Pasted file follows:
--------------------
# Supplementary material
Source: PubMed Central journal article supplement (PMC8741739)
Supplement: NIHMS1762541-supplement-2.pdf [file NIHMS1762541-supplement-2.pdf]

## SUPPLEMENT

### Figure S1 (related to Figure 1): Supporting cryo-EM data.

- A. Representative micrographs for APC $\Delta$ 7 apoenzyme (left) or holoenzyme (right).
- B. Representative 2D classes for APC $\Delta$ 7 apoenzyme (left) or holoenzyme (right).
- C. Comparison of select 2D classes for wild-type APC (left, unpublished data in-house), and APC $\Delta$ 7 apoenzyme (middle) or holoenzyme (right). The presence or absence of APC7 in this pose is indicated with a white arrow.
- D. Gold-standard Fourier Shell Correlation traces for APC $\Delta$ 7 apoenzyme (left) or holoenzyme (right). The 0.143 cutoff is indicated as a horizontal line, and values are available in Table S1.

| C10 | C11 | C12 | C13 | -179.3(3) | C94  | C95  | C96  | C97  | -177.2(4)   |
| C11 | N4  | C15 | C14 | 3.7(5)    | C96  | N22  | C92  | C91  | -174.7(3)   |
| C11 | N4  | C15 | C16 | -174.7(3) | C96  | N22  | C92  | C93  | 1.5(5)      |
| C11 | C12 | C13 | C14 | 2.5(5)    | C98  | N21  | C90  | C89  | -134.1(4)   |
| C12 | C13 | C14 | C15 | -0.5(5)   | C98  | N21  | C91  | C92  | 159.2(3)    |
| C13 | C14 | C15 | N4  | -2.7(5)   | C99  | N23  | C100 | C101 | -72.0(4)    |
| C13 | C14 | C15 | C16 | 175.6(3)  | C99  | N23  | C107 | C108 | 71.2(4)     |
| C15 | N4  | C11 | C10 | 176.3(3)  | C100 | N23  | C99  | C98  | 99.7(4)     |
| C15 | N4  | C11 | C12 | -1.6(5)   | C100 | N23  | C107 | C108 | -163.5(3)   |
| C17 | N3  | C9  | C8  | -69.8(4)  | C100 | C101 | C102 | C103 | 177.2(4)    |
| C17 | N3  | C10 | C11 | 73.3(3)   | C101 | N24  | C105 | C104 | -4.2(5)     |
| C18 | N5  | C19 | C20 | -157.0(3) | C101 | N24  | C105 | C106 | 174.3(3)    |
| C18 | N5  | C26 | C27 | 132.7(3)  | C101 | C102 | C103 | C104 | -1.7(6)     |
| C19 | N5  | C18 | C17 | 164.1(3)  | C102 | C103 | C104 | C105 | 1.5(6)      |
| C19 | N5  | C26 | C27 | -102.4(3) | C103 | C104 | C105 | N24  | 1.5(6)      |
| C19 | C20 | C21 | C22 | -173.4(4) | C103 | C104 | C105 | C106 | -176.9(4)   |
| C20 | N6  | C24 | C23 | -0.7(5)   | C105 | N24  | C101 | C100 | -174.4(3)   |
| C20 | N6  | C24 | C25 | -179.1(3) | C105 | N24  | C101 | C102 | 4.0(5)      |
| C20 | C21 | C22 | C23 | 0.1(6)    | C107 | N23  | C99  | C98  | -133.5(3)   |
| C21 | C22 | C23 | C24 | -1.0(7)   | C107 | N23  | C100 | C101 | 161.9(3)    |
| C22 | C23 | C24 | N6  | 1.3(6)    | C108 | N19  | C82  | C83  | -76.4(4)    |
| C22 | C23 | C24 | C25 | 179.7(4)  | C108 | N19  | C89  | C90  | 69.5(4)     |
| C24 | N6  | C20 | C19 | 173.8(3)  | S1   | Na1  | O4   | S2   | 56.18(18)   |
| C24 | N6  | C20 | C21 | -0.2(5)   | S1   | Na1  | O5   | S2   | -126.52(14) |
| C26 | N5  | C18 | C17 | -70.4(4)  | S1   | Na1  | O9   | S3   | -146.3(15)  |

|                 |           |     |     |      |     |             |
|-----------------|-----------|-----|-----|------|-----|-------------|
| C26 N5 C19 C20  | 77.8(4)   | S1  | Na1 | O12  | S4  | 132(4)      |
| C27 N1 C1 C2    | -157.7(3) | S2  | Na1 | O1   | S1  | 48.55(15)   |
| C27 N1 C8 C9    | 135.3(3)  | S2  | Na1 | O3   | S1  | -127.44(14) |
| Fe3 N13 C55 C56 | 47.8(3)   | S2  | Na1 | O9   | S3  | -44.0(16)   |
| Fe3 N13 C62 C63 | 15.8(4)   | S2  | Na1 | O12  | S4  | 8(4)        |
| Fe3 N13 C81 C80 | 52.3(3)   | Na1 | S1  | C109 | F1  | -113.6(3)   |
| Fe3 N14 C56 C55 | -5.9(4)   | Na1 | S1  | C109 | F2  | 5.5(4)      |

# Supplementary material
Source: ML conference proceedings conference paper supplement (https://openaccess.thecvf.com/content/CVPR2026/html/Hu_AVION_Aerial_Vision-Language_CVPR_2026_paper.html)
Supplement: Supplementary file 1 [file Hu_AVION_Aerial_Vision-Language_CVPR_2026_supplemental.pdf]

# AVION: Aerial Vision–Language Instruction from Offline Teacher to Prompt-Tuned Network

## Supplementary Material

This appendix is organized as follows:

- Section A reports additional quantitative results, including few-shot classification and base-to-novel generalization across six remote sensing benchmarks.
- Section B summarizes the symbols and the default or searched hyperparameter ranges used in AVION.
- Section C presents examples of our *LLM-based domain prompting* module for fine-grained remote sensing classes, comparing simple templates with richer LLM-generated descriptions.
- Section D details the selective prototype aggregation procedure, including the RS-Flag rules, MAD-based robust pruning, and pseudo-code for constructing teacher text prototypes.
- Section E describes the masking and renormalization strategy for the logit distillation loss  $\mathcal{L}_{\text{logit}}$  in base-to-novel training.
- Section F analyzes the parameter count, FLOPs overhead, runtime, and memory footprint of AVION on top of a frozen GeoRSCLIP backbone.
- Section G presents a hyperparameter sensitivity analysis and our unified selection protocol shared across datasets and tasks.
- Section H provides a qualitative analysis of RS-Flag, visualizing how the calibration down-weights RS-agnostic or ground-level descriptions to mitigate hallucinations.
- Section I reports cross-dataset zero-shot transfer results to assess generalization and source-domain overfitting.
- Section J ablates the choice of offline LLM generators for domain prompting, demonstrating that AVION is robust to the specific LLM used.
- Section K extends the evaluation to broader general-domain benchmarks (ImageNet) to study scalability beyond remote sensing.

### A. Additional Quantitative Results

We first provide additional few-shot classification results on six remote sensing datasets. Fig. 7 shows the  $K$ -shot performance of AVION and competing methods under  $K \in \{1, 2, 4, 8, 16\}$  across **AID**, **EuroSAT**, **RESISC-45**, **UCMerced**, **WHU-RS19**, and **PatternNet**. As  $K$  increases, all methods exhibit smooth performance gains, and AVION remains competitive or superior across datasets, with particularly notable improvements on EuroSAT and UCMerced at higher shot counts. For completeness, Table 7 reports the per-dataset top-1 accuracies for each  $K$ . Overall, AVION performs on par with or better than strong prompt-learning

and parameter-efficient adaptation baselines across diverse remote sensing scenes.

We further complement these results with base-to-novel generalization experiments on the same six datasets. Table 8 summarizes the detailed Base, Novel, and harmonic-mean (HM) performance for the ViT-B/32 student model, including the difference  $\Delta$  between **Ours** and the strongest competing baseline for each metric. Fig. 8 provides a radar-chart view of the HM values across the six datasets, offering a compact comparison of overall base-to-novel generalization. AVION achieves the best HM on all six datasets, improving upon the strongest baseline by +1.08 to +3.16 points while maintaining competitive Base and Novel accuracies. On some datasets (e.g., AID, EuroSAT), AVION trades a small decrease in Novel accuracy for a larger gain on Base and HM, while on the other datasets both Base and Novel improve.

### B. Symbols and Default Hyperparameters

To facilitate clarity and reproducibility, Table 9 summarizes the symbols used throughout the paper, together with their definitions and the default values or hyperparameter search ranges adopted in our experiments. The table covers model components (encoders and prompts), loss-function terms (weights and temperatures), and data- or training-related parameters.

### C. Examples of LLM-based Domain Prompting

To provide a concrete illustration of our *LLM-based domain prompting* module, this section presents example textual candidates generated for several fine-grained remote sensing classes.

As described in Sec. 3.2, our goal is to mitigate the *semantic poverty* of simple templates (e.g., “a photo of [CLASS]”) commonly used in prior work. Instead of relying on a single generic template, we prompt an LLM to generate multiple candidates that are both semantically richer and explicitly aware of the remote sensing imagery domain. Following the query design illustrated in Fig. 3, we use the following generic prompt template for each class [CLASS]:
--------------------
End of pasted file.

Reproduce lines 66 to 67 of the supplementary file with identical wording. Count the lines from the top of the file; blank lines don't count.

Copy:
To facilitate clarity and reproducibility, Table 9 summarizes the symbols used throughout the paper, together with their definitions and the default values or hyperparameter search ranges adopted in our experiments. The table covers model components (encoders and prompts), loss-function terms (weights and temperatures), and data- or training-related parameters.

### C. Examples of LLM-based Domain Prompting